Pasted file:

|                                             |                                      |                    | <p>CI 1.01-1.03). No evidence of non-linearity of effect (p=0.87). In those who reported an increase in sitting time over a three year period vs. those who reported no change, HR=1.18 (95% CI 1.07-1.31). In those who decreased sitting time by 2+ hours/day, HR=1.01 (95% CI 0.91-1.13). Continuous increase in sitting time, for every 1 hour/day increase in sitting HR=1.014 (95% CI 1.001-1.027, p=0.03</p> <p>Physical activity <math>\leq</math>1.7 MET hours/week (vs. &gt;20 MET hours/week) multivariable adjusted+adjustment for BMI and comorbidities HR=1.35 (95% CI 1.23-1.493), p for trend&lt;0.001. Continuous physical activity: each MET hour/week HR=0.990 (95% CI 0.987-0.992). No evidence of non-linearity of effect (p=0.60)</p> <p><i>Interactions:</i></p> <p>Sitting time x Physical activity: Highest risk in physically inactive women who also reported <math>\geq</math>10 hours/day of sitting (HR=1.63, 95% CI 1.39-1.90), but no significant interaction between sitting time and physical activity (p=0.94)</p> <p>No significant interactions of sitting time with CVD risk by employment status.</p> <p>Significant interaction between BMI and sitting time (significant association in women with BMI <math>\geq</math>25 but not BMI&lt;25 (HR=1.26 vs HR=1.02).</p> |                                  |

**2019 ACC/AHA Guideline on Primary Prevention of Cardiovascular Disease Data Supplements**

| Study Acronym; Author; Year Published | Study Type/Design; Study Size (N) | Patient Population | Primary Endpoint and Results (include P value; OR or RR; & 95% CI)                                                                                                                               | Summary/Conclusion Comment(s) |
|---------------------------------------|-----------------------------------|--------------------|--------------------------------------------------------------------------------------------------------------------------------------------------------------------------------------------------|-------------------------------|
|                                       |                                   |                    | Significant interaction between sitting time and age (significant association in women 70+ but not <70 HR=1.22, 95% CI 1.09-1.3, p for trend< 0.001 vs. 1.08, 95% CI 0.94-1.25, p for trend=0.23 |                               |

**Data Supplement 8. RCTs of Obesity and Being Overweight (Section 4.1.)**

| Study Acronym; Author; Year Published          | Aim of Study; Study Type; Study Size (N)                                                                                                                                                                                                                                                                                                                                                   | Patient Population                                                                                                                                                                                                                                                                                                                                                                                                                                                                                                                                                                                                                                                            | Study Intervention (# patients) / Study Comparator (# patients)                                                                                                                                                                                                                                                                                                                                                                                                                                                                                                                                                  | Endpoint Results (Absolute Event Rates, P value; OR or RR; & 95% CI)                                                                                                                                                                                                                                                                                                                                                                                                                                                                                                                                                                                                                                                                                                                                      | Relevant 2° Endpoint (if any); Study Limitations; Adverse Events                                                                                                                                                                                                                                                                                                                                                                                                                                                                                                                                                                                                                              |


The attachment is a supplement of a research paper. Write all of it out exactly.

|                                             |                                      |                    | <p>CI 1.01-1.03). No evidence of non-linearity of effect (p=0.87). In those who reported an increase in sitting time over a three year period vs. those who reported no change, HR=1.18 (95% CI 1.07-1.31). In those who decreased sitting time by 2+ hours/day, HR=1.01 (95% CI 0.91-1.13). Continuous increase in sitting time, for every 1 hour/day increase in sitting HR=1.014 (95% CI 1.001-1.027, p=0.03</p> <p>Physical activity <math>\leq</math>1.7 MET hours/week (vs. &gt;20 MET hours/week) multivariable adjusted+adjustment for BMI and comorbidities HR=1.35 (95% CI 1.23-1.493), p for trend&lt;0.001. Continuous physical activity: each MET hour/week HR=0.990 (95% CI 0.987-0.992). No evidence of non-linearity of effect (p=0.60)</p> <p><i>Interactions:</i></p> <p>Sitting time x Physical activity: Highest risk in physically inactive women who also reported <math>\geq</math>10 hours/day of sitting (HR=1.63, 95% CI 1.39-1.90), but no significant interaction between sitting time and physical activity (p=0.94)</p> <p>No significant interactions of sitting time with CVD risk by employment status.</p> <p>Significant interaction between BMI and sitting time (significant association in women with BMI <math>\geq</math>25 but not BMI&lt;25 (HR=1.26 vs HR=1.02).</p> |                                  |

**2019 ACC/AHA Guideline on Primary Prevention of Cardiovascular Disease Data Supplements**

| Study Acronym; Author; Year Published | Study Type/Design; Study Size (N) | Patient Population | Primary Endpoint and Results (include P value; OR or RR; & 95% CI)                                                                                                                               | Summary/Conclusion Comment(s) |
|---------------------------------------|-----------------------------------|--------------------|--------------------------------------------------------------------------------------------------------------------------------------------------------------------------------------------------|-------------------------------|
|                                       |                                   |                    | Significant interaction between sitting time and age (significant association in women 70+ but not <70 HR=1.22, 95% CI 1.09-1.3, p for trend< 0.001 vs. 1.08, 95% CI 0.94-1.25, p for trend=0.23 |                               |

**Data Supplement 8. RCTs of Obesity and Being Overweight (Section 4.1.)**

| Study Acronym; Author; Year Published          | Aim of Study; Study Type; Study Size (N)                                                                                                                                                                                                                                                                                                                                                   | Patient Population                                                                                                                                                                                                                                                                                                                                                                                                                                                                                                                                                                                                                                                            | Study Intervention (# patients) / Study Comparator (# patients)                                                                                                                                                                                                                                                                                                                                                                                                                                                                                                                                                  | Endpoint Results (Absolute Event Rates, P value; OR or RR; & 95% CI)                                                                                                                                                                                                                                                                                                                                                                                                                                                                                                                                                                                                                                                                                                                                      | Relevant 2° Endpoint (if any); Study Limitations; Adverse Events                                                                                                                                                                                                                                                                                                                                                                                                                                                                                                                                                                                                                              |